All the people in my audience are college students and most of them are women. In order to do my audience analysis, I asked the eighteen students who were present on October 29, 2010 to answer three questions.
One question required a yes or no response, one involving ranking, and the other was an open-ended question. For my fixed-response question, I asked how many audience members had ever made a candle. Eight out of 18 students said they had made at least one candle.. For my question that involved ranking, I asked the students how many of them knew anything about the history of candle making. The response choices were nothing, a little bit, or a great deal. Three of the students said they knew a little about it and the rest said they knew nothing. Finally, for the open-ended question, I asked if they thought they knew the hardest part of making a candle. Each student had to provide his or her own answer. Only one of the18 knew that the hardest part of candle making is to keep wax from overheating.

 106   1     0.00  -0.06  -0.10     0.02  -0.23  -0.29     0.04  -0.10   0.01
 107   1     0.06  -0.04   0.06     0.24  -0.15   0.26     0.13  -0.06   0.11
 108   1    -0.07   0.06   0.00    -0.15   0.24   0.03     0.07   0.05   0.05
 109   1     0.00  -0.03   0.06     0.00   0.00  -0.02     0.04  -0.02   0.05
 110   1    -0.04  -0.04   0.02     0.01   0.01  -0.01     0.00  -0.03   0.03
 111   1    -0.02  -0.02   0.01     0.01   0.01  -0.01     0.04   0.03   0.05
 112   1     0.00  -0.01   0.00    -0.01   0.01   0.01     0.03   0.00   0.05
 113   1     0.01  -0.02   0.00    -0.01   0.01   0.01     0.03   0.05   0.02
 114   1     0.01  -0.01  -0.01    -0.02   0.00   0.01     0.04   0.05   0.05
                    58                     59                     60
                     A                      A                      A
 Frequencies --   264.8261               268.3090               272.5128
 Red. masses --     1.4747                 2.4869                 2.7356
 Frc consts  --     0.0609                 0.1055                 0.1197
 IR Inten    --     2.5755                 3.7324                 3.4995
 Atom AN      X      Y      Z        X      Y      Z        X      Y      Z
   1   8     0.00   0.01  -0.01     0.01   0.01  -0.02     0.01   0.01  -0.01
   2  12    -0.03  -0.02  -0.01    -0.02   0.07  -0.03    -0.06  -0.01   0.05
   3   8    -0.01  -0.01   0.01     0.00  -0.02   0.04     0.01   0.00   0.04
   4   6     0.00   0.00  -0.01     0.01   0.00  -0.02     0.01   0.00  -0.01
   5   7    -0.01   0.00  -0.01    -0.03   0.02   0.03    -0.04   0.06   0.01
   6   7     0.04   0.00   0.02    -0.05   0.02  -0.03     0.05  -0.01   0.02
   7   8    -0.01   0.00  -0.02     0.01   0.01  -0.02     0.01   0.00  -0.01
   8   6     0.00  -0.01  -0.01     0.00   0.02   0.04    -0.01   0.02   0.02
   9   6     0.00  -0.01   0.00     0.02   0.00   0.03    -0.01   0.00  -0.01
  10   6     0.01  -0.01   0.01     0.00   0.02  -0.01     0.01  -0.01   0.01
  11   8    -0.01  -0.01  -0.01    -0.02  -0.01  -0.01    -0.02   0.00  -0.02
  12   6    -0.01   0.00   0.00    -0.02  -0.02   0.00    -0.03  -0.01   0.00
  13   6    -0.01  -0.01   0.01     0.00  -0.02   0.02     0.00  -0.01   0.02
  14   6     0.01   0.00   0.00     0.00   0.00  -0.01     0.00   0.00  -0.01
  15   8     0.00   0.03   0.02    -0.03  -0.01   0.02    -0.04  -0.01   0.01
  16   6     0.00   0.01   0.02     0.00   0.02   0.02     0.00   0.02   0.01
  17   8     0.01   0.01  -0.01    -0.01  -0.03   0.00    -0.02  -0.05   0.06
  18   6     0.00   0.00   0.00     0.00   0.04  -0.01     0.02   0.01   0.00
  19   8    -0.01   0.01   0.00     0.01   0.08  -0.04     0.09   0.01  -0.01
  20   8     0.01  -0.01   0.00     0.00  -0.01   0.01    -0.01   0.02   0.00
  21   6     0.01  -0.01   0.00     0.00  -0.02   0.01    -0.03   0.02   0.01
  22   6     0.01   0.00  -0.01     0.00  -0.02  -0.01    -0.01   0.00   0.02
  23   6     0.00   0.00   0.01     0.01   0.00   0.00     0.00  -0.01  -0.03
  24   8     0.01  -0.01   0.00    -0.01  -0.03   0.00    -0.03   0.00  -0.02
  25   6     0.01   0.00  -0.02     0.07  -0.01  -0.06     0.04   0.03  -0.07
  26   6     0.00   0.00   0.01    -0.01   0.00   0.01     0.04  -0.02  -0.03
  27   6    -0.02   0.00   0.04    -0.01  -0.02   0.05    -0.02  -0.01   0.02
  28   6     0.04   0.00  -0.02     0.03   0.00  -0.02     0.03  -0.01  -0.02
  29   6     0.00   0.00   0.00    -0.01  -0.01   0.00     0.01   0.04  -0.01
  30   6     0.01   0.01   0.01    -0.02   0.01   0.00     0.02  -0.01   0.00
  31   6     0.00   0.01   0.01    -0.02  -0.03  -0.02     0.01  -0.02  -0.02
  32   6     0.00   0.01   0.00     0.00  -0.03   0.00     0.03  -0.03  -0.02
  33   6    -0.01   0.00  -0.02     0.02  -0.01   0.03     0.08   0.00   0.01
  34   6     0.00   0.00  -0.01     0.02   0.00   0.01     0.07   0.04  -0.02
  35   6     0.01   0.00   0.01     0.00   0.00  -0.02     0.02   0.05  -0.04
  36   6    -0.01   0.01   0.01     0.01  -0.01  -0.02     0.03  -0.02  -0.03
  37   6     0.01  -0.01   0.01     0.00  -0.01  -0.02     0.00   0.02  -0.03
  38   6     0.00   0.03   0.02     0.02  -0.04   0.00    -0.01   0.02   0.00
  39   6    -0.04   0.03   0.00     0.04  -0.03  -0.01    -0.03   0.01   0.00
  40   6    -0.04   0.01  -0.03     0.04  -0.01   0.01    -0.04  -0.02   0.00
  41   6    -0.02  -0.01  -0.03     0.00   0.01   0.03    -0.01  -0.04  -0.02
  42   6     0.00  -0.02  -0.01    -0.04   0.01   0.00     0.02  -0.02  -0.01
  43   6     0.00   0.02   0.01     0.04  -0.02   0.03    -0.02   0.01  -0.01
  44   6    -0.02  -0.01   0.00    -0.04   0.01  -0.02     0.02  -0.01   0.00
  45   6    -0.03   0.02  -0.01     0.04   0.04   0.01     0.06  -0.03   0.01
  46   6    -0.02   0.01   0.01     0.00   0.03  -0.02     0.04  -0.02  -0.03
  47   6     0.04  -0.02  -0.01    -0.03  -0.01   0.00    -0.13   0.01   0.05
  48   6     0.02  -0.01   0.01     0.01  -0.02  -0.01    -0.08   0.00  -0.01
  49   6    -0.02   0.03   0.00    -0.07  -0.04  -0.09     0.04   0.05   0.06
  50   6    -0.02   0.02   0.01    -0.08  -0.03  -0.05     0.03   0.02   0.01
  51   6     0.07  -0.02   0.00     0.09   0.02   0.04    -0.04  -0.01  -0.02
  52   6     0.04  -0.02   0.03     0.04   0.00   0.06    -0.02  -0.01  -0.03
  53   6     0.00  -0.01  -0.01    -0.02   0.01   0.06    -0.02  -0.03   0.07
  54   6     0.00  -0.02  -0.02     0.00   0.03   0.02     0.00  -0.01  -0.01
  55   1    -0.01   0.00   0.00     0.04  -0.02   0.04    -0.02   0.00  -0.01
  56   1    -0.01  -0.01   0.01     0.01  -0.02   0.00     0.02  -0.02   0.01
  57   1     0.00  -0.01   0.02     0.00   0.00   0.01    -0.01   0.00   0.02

The information I obtained helped me to write my informative speech. Since the majority of my classmates had never made a candle before, I provided them with new information (175) when I discussed the directions and materials needed for melting wax and creating a candle. I also found out that my classmates did not know much about the history of candle making. Because my classmates were not familiar with this history (175), I decided to include some facts about the materials that were used to make the first candles and to note when the first candles were made. I took into account that only one person knew that melting the wax is the hardest part of candle making. Because of that, I included information about some of the ways to keep the wax at a reasonable temperature.
I think it is important for the speaker to obtain as much information as possible about the audience when the speaker intends to give an informative speech. I know the audience gave me...